When it comes to battlegorund stocks, real estate website Zillow (Z) is unique in its unsually high amount of discord, probably because the company sits on the focal point of not one, not two, but three points of major economic disagreement.
Zillow is a growth stock, which as everyone knows are all due for an immediate massive correction. Or possibly not, as the solar sector’s recent uptick has suggested.
Zillow is also a facilitator of home sales – and as Jeffrey Gundlach and others have pointed out, that market is set to tank at any time. Or maybe housing just beginning to ramp up, as Bill Miller is certain will happen.
But perhaps it’s all a moot point, because as Citron Research “proved” in 2012, Zillow is a fraud whose valuation is largely fantasy. Or that’s just the story of a short-seller looking to make a buck by maligning an honest company, a company that’s nearly always been dogged by naysayers merely interested in cashing out their own short positions.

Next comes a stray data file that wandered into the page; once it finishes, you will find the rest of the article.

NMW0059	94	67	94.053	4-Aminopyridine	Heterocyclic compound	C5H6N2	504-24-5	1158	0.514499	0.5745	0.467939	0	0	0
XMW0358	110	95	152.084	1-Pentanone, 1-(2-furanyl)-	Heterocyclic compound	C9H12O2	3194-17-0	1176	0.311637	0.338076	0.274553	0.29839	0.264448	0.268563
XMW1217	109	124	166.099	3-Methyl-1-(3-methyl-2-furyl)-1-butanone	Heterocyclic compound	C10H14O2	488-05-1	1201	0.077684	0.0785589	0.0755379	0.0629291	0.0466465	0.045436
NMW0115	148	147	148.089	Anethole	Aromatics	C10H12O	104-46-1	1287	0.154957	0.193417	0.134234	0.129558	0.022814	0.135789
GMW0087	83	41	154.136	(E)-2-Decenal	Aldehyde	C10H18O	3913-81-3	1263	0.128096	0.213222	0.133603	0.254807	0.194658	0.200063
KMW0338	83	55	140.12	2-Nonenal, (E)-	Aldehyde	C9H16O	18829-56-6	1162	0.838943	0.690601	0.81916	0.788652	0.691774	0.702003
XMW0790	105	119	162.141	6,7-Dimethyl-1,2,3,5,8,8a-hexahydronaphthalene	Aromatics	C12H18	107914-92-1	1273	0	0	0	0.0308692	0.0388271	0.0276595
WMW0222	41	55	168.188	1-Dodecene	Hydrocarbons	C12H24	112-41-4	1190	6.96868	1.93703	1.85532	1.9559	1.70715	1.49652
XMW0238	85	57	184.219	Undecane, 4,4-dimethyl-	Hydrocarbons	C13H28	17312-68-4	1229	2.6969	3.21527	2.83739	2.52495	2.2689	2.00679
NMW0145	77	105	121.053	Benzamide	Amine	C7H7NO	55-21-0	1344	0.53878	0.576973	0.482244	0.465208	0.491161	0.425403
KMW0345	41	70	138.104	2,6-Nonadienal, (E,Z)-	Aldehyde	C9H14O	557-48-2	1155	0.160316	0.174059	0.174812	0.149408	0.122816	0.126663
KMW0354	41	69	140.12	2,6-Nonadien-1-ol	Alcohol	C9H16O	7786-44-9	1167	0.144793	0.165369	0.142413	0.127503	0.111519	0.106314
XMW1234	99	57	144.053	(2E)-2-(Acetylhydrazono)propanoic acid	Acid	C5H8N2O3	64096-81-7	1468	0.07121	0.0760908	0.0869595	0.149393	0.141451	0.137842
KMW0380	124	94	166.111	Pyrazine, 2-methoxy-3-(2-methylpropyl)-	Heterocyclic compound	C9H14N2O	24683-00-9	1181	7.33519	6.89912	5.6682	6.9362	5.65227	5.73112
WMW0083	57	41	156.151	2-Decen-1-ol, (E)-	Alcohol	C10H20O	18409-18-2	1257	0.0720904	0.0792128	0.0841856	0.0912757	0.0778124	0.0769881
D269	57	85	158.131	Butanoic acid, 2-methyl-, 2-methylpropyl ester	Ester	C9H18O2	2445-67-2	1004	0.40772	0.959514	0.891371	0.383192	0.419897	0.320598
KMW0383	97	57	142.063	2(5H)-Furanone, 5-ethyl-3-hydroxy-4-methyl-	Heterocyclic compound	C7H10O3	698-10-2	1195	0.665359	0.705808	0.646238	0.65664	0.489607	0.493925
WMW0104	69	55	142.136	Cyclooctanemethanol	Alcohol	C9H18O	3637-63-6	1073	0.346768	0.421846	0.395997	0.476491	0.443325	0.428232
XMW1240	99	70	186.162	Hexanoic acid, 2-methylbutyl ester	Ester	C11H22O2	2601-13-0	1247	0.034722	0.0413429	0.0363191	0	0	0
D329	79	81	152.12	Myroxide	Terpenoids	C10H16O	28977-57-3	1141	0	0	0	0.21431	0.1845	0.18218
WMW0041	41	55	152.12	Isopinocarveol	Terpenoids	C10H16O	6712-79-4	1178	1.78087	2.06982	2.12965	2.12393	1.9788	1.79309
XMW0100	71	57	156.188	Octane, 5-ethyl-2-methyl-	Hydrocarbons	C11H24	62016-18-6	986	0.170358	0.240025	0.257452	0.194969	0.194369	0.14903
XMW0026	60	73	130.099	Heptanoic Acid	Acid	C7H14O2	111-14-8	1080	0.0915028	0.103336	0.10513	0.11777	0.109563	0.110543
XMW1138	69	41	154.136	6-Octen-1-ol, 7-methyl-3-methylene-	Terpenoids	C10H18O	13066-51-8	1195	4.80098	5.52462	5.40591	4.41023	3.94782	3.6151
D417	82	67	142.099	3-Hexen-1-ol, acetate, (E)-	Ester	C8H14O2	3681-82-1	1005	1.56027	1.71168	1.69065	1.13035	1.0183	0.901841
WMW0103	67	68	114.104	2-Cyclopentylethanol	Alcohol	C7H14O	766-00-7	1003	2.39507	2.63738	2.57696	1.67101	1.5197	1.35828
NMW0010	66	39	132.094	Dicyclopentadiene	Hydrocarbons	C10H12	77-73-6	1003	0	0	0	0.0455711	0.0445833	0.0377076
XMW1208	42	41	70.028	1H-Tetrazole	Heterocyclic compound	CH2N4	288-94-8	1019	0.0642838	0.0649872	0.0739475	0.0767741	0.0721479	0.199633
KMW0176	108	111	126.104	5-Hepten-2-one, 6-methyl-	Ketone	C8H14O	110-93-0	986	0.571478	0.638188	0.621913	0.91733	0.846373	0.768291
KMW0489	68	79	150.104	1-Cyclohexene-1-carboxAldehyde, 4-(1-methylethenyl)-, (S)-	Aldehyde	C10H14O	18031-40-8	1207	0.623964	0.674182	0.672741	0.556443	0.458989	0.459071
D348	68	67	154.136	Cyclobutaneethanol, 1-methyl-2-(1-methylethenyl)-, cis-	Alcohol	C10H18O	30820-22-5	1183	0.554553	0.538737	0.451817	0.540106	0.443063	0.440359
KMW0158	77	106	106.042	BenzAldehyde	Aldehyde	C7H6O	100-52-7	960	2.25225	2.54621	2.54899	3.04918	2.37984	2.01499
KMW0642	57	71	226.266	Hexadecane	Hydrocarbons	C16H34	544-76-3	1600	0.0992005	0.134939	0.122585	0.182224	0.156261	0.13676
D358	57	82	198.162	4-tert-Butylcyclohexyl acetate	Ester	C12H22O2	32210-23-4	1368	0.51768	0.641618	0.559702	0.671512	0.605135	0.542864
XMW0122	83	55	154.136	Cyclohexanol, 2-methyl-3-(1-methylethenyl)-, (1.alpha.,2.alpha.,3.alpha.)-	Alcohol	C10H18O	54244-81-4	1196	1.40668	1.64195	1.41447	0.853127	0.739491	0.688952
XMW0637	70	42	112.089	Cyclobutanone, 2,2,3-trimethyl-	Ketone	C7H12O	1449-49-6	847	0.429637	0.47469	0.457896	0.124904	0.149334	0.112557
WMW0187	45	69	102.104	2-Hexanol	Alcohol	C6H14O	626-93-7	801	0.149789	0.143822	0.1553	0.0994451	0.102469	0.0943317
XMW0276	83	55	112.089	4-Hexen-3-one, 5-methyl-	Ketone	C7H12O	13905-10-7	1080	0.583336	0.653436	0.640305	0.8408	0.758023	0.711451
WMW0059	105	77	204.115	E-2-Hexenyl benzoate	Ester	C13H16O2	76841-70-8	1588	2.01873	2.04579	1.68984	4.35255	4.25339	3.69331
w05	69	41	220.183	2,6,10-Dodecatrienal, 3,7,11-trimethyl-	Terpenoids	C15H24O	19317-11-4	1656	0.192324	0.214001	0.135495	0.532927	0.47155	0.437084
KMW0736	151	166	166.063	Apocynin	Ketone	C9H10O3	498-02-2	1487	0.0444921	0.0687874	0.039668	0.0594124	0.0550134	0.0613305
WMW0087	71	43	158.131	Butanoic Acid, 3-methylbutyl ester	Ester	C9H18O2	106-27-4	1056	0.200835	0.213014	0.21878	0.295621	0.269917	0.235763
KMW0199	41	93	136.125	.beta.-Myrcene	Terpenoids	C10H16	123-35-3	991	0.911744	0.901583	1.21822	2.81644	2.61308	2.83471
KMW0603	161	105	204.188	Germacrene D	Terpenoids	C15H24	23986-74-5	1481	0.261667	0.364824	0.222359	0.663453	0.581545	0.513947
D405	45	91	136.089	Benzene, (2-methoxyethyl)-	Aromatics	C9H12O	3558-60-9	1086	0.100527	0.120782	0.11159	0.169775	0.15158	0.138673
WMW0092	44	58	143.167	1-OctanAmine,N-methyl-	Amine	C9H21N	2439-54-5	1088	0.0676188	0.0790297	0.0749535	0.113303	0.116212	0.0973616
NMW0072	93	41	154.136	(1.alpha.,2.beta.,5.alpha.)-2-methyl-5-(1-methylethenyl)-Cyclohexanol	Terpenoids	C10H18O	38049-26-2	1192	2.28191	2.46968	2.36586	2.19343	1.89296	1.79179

Point: Zillow Bulls!
As the summer nears, it appears that Zillow has put those naysayers to bed. The company set successive highs on the week, closing out above $110 for the first time ever on May 19, and then north of $116 a share on May 22. Investors have clamored back into the stock after a sell-off before the May 7 earnings report, which ended up being largely successful, providing evidence that Zillow is indeed for real.
But Zillow being Zillow, it’s not ever that clear. Befitting a battleground stock, Zillow is volatile as the day is long. So far, that volatility has edged upwards. But a great balancing force appears to be on the horizon.
Point: Zillow Bears!
To be sure, we’re talking tech sector here, so their fundamentals are sometimes regarded by traders as mere window dressing. But as previously overvalued tech plays like LinkedIn (LNKD) can attest, eventually reality catches up with valuations, and a forward P/E north of 130 often cannot be sustained for too long before the market comes to correct.
Short sellers are clearly enamored with Zillow, and insiders are selling (and only own 1.4 percent of the stock,) giving credence to assertions that the company is due to break downwards any time now. But then again, shorters have doubted Zillow for a long time now, and as they notch another big trading day, they’re proving the doubters wrong – and making them poorer to boot.
After touching an all time high of $116.61 around noon, shares of Zillow edged down, settling in at the end of the day at $114.32 a share, for a 4.84 percent gain. Zillow is up 32.89 percent on the year.
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